Wabi Sabi: Deep awareness of life experienced through beautiful imperfection.
“There is a comic verse which tells of one ... who is so cold on a winter night that she eats two bowls of noodles at 16 mon each, thus prodigally spending the 24 mon, her standard price which she got from her last client.” Cecilia Whitford, Japanese Prints
Out of a perpetual twilight
economy Utamaro’s* lovely Tsuji-gimi,
could be Lilith, Eve, or Pandora
but her name means “street corner whore,”
the lowest kind of illegal prostitute
who carries a straw mat over her arm
for entertaining clients al fresco
wherever she can find a nook,
a quilt of shadow, to wrap
its flimsy anonymity around her.
No hint of certain real-world desperation;
she is pillowbook playmate—sensual,
slightly disheveled, headscarf edge
held between perfect pink lips
as she reaches in her belt for her purse.
An also ran in the holy trinity
of virgin, mother and crone, she is
the stuff of demeaning jokes and wet dreams:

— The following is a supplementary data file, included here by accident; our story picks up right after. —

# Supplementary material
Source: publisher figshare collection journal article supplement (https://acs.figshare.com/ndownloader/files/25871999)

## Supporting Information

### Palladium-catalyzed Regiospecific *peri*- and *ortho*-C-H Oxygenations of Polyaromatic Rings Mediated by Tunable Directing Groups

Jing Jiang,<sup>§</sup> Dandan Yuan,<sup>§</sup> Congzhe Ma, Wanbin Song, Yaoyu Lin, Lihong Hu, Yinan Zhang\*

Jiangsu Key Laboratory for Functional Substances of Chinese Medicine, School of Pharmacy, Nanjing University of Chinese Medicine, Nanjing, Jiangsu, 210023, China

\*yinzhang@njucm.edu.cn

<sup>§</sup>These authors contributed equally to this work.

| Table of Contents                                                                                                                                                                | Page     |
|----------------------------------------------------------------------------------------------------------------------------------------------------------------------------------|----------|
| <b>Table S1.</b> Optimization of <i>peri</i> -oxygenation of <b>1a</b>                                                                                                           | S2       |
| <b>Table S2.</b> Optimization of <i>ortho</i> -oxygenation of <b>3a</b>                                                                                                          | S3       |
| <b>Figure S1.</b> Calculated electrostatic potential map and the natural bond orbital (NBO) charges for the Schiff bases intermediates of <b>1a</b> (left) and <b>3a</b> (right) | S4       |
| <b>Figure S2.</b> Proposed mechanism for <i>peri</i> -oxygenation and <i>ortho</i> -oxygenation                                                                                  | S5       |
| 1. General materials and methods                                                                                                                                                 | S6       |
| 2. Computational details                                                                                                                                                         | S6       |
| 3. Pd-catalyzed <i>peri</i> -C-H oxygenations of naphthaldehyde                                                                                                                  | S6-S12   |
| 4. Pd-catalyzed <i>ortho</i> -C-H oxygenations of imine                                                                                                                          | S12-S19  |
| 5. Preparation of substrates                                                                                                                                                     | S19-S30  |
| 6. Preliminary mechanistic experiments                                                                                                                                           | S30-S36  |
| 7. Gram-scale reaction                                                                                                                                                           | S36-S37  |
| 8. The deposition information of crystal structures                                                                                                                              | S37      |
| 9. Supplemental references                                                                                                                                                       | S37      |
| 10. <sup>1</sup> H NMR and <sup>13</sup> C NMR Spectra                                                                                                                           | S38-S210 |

Annie Fannie, Mattress-back, Backseat Bimbo,
the imperfect wabi-sabi woman, making
the best of the floating world’s smallest,
most broken boat, hoping for a little ease
while tossed on poverty’s hopeless sea;
but doing so, she transcends, becoming
the every woman all women carry inside.
Sandra J. Lindow
* Utamaro Kitagawa 1750-1806
This poem was first published in Hot Metal Press.
Sandra J. Lindow lives on a hilltop in Menomonie, Wisconsin, where she teaches, writes, edits, and competes with wildlife for rights to her vegetables and perennials. She has six books of poetry.
The Ekphrastic Review
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